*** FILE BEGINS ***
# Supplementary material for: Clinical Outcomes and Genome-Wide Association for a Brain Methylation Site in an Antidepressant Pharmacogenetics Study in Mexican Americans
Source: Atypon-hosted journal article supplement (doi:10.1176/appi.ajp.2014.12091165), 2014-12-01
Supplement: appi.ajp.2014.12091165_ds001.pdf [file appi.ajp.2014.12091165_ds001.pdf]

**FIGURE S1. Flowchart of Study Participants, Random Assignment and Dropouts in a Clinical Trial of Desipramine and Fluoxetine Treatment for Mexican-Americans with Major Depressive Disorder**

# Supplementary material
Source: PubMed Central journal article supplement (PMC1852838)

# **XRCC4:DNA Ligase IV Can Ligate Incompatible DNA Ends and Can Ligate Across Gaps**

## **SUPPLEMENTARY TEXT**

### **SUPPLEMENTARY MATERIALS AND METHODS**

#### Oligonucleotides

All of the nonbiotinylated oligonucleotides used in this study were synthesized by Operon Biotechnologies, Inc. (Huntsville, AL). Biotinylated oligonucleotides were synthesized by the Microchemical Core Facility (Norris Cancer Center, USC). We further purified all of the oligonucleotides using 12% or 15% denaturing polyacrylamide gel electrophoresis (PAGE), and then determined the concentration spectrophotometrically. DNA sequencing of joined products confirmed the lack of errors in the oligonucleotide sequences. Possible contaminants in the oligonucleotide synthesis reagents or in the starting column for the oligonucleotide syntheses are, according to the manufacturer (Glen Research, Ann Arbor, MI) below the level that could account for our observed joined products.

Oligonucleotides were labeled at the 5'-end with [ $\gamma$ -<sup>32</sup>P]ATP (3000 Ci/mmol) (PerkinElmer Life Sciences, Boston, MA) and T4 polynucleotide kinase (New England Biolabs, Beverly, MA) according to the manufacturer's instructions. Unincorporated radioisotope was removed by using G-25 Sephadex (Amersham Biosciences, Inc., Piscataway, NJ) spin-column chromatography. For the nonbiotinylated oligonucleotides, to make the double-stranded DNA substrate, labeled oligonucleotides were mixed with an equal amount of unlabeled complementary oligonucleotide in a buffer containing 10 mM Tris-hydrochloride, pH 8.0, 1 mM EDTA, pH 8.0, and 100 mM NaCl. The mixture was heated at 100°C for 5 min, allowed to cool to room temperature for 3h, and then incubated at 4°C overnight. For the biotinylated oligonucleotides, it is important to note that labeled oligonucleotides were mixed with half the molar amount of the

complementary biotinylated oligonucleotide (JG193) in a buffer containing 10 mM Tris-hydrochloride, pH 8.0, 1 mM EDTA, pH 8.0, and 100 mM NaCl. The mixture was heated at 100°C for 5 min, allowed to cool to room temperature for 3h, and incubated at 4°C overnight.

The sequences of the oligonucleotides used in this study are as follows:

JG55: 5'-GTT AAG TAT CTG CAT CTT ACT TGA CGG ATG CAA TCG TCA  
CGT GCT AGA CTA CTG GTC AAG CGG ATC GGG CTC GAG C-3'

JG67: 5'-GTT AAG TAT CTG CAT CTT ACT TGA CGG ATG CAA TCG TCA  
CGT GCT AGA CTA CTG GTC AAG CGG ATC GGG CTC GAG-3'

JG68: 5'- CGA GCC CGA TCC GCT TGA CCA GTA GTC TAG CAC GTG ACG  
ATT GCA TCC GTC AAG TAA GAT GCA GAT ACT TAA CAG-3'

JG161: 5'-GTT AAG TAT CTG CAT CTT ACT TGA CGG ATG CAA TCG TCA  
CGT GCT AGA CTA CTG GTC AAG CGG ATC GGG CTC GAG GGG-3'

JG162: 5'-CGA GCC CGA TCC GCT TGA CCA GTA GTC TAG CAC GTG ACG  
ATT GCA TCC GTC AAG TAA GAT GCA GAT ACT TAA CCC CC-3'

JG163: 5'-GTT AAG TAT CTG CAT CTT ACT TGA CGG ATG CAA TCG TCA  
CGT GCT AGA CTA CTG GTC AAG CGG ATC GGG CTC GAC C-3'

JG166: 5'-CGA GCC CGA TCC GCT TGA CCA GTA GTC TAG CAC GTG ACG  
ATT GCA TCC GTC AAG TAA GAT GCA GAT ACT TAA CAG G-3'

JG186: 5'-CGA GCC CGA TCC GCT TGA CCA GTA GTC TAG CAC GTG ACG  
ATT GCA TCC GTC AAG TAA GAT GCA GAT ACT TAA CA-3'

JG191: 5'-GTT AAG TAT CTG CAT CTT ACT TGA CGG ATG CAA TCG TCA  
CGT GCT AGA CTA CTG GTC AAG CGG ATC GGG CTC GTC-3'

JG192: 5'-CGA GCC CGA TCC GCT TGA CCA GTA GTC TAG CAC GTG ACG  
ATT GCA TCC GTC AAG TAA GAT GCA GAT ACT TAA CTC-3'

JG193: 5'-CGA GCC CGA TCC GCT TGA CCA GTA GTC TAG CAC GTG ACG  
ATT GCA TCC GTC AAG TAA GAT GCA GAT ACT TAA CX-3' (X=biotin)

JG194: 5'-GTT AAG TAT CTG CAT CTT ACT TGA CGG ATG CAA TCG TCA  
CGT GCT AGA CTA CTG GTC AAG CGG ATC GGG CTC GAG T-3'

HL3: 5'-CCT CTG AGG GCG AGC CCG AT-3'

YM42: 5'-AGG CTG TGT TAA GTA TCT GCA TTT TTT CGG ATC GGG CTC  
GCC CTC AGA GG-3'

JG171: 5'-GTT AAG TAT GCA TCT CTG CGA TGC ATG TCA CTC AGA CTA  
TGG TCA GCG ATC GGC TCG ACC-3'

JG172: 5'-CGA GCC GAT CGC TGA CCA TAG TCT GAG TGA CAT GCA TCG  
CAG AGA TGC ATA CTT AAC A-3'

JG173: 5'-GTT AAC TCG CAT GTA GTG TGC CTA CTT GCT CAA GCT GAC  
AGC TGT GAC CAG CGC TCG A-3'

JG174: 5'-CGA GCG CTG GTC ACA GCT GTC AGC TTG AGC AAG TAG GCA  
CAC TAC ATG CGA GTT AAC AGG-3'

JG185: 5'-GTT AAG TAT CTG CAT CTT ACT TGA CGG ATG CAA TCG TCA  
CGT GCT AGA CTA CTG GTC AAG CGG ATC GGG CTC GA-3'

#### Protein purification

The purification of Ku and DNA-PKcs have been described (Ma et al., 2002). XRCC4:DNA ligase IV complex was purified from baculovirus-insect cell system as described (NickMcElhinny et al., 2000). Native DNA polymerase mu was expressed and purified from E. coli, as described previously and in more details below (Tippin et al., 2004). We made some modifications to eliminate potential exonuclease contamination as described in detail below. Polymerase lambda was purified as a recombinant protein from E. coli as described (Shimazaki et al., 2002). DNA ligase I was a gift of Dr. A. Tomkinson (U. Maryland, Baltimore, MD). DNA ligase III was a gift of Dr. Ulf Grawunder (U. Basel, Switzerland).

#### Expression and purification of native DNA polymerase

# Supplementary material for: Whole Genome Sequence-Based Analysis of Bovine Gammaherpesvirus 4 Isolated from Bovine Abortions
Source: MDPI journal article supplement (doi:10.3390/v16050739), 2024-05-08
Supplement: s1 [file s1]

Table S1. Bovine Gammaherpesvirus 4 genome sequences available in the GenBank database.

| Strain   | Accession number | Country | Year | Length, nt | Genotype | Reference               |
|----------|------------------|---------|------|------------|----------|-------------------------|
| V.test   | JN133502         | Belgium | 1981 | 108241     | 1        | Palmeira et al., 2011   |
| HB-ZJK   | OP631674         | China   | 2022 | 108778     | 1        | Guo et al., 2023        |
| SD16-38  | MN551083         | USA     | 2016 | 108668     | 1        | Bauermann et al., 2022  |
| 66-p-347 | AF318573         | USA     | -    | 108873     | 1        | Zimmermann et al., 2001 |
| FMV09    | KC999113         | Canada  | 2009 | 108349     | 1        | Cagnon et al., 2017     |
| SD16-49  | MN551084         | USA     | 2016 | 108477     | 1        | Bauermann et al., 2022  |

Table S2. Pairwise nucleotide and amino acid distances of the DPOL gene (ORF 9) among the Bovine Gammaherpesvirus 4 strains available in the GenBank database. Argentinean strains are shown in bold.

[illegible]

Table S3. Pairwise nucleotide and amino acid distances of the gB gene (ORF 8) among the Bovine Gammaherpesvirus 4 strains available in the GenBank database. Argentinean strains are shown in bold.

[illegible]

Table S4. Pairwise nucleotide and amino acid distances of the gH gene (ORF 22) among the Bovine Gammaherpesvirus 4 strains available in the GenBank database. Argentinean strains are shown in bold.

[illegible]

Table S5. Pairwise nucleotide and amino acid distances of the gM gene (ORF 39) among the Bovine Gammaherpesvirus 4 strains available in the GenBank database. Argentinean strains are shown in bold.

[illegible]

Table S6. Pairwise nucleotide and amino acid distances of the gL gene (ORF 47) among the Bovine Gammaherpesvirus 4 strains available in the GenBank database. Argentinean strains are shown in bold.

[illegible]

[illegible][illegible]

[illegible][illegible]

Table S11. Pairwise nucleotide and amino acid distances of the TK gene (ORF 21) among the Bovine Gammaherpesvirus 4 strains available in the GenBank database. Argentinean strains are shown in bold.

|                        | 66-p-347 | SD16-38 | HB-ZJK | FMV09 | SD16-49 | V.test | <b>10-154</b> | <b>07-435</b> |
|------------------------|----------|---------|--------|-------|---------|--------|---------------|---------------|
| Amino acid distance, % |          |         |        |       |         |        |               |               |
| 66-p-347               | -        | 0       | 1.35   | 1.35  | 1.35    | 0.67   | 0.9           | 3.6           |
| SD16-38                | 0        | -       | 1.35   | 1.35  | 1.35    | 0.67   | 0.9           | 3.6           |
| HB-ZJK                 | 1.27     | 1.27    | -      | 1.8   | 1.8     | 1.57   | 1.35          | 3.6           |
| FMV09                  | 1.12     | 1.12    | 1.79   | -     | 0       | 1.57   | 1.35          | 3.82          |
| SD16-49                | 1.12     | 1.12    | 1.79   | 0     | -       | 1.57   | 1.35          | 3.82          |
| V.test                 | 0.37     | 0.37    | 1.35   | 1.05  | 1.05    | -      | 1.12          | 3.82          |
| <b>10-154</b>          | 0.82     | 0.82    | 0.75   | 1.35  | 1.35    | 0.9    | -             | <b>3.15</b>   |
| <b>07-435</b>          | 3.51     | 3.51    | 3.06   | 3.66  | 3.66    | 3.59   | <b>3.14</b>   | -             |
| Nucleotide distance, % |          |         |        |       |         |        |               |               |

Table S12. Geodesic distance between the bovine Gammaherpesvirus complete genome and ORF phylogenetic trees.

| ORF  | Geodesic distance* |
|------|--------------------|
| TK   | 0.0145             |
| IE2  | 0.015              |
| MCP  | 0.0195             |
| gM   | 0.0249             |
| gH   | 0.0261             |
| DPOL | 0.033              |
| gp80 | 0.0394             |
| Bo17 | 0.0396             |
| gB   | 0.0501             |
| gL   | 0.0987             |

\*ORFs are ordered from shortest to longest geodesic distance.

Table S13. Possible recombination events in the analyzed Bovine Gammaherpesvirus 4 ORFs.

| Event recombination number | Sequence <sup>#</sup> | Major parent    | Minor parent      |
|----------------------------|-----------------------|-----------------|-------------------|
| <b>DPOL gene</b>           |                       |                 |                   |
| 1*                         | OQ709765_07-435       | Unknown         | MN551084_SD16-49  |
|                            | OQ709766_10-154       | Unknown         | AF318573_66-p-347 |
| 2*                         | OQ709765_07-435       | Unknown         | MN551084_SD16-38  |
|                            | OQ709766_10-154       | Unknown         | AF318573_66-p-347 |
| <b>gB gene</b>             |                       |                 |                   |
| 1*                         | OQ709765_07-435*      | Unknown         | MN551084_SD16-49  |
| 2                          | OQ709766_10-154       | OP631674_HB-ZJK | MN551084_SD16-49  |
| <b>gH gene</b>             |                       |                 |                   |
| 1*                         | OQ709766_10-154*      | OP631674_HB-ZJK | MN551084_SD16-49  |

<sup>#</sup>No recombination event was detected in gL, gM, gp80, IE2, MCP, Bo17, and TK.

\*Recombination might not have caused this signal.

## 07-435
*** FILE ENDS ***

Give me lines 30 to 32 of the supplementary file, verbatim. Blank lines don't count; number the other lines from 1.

ATT GCA TCC GTC AAG TAA GAT GCA GAT ACT TAA CA-3'

JG191: 5'-GTT AAG TAT CTG CAT CTT ACT TGA CGG ATG CAA TCG TCA  
CGT GCT AGA CTA CTG GTC AAG CGG ATC GGG CTC GTC-3'